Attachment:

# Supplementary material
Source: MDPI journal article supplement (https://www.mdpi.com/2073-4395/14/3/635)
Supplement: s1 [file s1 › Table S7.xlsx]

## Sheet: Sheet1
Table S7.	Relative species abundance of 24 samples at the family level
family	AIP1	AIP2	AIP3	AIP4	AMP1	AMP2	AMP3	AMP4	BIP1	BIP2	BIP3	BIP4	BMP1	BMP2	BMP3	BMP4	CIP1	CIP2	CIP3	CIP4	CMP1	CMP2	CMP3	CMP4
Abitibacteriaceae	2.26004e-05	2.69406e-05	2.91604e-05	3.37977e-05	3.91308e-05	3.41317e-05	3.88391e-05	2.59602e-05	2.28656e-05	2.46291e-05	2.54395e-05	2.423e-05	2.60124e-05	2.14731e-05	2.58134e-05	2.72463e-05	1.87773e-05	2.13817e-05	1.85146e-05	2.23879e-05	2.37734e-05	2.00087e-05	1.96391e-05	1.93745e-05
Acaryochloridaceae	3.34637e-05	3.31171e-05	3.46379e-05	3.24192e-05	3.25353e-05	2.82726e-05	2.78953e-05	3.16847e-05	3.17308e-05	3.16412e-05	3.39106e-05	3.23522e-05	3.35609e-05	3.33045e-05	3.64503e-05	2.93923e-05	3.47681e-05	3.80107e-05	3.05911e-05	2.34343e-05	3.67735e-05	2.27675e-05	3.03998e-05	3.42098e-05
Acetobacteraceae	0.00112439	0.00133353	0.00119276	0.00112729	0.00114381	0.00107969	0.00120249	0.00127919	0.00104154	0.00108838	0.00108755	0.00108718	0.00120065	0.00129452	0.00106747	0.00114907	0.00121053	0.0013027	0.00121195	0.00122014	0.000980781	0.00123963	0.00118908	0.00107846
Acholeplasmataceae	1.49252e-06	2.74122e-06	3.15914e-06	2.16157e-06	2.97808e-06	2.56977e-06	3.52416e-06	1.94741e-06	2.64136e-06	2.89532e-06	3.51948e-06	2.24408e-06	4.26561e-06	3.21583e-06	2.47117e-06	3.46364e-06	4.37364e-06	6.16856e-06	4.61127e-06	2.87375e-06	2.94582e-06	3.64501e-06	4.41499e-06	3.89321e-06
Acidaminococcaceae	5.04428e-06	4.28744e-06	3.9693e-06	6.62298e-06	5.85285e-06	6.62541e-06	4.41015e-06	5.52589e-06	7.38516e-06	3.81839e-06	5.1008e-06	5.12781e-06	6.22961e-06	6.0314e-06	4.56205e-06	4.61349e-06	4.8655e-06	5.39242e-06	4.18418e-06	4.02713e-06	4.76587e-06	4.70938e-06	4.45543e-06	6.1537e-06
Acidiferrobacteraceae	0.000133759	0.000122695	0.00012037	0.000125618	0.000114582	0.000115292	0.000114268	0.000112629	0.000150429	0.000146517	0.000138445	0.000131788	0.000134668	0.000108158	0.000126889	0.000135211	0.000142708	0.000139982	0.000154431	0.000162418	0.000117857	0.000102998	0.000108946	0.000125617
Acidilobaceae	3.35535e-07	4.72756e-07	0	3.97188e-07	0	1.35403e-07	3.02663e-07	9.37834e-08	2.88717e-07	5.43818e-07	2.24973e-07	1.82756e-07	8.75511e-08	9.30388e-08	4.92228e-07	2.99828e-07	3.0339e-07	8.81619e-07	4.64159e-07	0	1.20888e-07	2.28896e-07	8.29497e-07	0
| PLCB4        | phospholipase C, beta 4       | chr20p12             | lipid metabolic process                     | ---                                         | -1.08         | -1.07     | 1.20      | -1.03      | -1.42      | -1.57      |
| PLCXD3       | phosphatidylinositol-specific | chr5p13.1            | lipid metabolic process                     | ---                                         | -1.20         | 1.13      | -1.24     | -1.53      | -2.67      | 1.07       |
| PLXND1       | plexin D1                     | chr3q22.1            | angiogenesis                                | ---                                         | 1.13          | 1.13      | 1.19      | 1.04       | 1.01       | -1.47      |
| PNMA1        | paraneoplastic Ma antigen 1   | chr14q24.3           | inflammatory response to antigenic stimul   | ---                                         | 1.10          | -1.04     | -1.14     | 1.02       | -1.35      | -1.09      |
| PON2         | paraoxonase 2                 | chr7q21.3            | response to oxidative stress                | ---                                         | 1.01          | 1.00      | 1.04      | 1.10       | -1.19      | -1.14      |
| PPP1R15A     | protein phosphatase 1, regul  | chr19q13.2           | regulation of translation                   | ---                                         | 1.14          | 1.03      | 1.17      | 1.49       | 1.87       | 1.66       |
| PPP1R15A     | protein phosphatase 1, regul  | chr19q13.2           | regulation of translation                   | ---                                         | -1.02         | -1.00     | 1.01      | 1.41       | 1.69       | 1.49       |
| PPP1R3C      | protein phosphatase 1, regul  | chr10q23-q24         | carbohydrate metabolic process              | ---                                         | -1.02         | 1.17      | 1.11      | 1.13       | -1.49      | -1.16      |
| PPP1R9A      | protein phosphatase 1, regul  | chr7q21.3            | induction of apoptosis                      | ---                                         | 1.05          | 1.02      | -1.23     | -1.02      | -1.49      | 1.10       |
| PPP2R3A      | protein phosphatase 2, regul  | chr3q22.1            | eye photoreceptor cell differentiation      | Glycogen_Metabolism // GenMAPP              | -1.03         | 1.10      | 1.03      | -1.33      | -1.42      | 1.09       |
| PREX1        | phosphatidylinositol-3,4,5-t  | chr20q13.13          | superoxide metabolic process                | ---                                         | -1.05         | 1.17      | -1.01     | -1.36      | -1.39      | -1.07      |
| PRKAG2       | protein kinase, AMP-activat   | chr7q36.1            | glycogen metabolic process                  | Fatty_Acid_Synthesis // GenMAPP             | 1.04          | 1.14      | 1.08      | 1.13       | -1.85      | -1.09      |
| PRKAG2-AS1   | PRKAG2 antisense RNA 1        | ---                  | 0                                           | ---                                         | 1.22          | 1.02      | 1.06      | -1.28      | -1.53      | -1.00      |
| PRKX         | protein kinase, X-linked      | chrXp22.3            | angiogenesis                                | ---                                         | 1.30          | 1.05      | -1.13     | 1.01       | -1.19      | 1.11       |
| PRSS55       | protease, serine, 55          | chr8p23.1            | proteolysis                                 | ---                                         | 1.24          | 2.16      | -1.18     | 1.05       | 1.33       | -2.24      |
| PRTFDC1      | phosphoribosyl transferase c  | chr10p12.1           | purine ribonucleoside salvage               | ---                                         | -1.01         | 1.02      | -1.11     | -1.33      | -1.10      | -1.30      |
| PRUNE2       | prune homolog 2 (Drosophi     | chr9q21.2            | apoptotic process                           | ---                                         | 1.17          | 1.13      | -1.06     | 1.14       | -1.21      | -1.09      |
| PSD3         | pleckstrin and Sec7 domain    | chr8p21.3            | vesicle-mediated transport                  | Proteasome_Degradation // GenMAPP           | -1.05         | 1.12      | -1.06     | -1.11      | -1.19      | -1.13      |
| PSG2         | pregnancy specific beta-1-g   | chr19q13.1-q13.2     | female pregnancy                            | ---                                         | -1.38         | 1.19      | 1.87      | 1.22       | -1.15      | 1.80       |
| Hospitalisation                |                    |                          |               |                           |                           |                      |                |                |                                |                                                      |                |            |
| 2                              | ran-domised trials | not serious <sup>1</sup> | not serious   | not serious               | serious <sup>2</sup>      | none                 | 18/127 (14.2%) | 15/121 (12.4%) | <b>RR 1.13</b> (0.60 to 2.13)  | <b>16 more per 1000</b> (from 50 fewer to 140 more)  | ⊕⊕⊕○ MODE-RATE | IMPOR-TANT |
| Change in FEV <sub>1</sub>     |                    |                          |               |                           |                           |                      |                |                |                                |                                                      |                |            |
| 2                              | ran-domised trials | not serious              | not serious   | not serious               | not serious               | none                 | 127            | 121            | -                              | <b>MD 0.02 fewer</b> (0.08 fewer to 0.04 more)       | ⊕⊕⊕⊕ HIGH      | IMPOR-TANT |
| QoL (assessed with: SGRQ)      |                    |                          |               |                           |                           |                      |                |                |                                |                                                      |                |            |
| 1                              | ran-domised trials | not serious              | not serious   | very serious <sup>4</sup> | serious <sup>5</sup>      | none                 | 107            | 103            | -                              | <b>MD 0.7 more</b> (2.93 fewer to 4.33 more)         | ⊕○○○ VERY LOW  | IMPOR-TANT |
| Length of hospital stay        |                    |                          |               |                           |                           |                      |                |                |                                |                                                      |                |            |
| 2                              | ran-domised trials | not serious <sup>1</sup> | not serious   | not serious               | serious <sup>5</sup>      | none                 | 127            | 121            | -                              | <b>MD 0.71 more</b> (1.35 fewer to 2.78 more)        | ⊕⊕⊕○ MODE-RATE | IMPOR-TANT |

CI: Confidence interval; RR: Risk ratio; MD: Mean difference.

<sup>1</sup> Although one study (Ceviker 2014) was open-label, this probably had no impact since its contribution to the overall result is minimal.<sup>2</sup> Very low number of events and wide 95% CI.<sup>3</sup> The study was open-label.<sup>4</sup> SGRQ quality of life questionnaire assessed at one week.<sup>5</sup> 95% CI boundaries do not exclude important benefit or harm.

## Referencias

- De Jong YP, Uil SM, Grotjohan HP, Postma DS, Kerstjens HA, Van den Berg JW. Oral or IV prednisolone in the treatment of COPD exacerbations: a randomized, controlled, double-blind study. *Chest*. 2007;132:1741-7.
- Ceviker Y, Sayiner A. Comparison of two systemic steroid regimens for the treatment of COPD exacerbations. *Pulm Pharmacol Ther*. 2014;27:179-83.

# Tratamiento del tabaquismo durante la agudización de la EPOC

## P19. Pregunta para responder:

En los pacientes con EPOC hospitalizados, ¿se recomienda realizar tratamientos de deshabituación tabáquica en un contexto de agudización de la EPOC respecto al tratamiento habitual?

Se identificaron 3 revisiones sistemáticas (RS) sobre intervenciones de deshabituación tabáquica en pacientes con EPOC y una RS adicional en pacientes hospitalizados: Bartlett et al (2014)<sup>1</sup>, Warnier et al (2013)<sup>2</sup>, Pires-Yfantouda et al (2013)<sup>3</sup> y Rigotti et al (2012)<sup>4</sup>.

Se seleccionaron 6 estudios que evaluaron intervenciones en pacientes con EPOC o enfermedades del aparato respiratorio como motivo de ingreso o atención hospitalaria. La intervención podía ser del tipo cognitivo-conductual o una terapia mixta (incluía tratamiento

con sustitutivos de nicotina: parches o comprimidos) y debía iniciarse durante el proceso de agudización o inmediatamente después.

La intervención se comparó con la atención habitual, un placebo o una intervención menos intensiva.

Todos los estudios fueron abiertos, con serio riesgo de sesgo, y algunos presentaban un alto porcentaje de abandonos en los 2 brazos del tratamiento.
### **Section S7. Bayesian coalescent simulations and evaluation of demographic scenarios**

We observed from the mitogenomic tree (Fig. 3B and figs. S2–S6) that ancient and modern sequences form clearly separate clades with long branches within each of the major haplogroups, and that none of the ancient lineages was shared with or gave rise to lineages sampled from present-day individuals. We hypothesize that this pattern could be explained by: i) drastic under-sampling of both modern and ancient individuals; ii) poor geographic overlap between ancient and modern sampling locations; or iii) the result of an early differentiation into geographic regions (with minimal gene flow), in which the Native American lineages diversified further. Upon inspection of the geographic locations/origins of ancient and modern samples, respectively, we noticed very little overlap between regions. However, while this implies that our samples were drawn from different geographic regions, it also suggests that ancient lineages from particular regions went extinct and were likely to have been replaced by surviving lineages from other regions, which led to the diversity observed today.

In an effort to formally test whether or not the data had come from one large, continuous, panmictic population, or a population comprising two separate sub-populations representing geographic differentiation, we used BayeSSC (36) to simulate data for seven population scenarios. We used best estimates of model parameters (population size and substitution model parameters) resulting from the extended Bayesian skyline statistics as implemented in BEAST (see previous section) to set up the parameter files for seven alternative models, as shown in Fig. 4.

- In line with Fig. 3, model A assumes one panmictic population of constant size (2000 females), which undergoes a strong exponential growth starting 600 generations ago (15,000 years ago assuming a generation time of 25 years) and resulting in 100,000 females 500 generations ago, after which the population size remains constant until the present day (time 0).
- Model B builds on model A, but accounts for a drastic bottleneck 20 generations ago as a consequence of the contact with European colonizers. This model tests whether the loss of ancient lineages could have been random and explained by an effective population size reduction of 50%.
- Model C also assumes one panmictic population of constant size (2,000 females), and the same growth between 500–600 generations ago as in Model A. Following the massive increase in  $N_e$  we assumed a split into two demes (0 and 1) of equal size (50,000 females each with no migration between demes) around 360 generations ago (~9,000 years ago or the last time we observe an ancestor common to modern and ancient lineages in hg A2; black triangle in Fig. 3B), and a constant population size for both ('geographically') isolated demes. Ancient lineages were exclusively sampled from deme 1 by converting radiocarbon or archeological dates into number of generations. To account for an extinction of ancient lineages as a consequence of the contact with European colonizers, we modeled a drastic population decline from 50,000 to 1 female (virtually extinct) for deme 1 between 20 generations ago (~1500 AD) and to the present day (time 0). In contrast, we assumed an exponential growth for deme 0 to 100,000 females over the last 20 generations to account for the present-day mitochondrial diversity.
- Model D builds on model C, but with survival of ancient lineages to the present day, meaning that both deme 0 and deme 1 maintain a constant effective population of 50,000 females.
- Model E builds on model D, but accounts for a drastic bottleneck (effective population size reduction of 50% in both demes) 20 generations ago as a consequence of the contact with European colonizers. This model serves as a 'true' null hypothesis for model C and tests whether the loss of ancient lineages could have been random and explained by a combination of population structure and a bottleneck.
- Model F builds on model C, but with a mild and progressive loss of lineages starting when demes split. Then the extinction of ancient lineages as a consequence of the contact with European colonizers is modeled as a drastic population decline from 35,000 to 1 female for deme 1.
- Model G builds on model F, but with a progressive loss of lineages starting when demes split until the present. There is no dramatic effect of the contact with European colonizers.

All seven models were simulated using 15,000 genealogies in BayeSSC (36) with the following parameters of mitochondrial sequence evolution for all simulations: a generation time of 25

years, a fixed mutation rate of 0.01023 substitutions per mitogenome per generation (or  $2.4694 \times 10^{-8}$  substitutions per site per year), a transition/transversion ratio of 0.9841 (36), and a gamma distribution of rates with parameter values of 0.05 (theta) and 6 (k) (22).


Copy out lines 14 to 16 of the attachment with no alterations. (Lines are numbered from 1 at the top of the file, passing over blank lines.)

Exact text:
| PLCB4        | phospholipase C, beta 4       | chr20p12             | lipid metabolic process                     | ---                                         | -1.08         | -1.07     | 1.20      | -1.03      | -1.42      | -1.57      |
| PLCXD3       | phosphatidylinositol-specific | chr5p13.1            | lipid metabolic process                     | ---                                         | -1.20         | 1.13      | -1.24     | -1.53      | -2.67      | 1.07       |
| PLXND1       | plexin D1                     | chr3q22.1            | angiogenesis                                | ---                                         | 1.13          | 1.13      | 1.19      | 1.04       | 1.01       | -1.47      |